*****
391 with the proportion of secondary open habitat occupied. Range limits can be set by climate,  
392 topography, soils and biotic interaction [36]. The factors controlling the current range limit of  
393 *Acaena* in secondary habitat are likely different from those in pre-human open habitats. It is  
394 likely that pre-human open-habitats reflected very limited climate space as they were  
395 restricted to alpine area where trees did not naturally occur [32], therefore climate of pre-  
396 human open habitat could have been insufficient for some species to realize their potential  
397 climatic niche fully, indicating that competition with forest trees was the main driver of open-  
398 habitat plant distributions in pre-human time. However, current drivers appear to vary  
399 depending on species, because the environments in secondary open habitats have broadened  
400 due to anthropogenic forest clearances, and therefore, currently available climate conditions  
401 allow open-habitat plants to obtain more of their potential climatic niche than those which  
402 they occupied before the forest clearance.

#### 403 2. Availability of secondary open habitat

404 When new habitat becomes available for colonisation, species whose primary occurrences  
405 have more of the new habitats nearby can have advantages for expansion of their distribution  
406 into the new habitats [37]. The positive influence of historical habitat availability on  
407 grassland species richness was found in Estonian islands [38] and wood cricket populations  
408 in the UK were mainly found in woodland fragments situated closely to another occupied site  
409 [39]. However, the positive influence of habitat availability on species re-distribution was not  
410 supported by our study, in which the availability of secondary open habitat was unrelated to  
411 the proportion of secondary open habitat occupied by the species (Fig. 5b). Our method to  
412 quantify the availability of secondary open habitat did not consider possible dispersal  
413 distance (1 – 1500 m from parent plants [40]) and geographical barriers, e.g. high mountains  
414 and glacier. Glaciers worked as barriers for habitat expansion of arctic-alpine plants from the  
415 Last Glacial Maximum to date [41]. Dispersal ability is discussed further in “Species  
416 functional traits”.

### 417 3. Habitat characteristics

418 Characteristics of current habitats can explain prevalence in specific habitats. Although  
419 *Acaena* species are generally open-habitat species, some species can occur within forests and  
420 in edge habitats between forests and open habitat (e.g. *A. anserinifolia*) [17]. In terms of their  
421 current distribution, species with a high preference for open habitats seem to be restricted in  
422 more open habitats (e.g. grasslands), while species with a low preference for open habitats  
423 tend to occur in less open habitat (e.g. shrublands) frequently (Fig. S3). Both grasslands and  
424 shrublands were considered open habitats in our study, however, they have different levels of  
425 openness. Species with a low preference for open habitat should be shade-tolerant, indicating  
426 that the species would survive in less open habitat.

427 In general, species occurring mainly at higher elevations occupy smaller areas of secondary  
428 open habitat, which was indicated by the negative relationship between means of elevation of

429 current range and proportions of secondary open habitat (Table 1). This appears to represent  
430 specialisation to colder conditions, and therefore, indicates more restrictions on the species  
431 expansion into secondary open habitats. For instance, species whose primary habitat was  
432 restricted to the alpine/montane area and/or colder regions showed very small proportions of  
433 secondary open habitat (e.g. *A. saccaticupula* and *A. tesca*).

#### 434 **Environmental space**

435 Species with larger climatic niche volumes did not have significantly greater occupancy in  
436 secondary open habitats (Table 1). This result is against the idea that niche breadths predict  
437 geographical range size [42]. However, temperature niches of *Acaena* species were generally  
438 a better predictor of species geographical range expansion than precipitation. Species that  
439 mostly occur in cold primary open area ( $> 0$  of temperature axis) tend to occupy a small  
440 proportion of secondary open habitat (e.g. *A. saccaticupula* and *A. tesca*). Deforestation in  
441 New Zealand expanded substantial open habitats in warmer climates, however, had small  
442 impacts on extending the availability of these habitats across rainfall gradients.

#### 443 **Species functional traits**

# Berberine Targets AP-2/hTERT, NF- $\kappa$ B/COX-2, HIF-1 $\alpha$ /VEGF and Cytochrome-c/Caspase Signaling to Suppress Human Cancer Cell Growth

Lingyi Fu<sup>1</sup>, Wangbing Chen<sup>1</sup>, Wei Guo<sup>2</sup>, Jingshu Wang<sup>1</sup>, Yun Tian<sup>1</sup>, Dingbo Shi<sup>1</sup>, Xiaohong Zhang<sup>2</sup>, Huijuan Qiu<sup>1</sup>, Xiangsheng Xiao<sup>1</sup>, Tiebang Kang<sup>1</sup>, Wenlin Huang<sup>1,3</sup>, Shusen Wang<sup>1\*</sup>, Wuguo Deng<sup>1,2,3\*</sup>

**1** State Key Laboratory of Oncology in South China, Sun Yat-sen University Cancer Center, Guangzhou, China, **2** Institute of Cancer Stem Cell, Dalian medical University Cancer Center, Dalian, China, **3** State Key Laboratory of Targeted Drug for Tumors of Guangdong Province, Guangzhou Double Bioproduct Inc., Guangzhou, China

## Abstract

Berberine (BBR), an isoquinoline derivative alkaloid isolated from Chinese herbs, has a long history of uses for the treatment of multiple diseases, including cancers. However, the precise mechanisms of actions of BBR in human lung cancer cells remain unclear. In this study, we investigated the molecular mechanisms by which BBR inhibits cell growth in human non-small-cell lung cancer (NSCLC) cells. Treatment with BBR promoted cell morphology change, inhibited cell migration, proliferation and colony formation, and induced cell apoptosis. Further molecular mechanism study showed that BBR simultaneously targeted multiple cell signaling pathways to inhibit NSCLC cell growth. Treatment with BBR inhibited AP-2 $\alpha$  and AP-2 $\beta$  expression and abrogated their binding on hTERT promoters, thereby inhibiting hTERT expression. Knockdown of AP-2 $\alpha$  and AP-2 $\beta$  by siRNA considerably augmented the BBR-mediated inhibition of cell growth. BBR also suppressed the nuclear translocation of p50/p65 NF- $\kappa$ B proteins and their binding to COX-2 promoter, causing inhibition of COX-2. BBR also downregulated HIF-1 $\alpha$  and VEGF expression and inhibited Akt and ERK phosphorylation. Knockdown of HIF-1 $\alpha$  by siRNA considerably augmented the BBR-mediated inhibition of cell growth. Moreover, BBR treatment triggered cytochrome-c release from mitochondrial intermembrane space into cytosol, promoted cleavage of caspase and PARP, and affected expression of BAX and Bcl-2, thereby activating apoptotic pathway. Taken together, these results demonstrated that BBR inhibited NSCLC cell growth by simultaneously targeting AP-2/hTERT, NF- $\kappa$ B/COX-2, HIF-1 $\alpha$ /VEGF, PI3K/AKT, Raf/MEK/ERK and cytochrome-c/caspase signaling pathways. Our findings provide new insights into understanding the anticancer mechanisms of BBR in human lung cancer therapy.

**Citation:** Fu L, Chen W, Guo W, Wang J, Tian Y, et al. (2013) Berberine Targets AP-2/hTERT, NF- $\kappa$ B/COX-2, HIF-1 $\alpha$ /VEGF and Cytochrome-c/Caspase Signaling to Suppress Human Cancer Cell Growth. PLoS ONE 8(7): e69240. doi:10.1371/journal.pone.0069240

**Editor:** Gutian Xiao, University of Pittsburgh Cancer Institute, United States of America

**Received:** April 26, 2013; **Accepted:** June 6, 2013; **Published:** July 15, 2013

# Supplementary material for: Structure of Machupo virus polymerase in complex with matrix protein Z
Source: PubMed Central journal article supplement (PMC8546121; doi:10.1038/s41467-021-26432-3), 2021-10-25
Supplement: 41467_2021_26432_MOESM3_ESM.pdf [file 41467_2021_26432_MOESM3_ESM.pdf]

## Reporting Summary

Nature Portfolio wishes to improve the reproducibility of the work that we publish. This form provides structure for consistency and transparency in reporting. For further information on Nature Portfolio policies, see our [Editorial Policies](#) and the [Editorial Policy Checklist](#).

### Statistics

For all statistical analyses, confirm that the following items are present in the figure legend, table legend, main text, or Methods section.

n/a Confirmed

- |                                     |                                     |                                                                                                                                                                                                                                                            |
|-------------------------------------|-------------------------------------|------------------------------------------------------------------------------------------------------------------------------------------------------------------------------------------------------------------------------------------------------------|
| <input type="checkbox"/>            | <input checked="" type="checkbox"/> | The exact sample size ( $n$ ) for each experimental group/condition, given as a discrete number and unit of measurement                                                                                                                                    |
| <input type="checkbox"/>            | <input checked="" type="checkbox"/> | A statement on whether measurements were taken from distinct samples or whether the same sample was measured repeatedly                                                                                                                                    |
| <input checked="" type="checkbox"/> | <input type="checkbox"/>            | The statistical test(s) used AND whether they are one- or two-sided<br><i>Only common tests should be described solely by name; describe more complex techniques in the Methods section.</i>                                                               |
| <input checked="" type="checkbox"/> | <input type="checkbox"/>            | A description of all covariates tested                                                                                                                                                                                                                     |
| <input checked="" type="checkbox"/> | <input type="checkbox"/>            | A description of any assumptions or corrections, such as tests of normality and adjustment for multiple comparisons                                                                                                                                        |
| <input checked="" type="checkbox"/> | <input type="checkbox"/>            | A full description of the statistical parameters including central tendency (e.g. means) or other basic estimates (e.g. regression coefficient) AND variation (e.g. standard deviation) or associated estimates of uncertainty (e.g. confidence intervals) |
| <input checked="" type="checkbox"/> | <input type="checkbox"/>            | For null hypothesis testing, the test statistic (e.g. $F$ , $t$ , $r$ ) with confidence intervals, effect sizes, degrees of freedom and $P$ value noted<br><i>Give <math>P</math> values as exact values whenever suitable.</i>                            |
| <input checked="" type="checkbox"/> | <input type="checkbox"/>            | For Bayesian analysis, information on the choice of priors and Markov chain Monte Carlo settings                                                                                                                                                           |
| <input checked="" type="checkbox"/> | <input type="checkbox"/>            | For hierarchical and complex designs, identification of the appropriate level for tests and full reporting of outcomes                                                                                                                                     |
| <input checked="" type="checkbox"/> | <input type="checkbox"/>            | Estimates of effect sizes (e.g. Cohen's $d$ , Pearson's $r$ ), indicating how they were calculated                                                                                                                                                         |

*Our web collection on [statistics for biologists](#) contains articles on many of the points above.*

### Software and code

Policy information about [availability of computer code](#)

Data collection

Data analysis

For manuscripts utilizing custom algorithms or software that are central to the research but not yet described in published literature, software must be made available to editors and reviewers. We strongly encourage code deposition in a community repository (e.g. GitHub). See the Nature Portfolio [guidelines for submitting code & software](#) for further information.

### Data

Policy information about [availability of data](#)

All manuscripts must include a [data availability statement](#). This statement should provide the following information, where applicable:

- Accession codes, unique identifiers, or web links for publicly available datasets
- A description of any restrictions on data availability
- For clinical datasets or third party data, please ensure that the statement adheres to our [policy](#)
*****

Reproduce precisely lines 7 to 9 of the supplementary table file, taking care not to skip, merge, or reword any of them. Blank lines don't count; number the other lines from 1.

397 climatic niche fully, indicating that competition with forest trees was the main driver of open-  
398 habitat plant distributions in pre-human time. However, current drivers appear to vary  
399 depending on species, because the environments in secondary open habitats have broadened  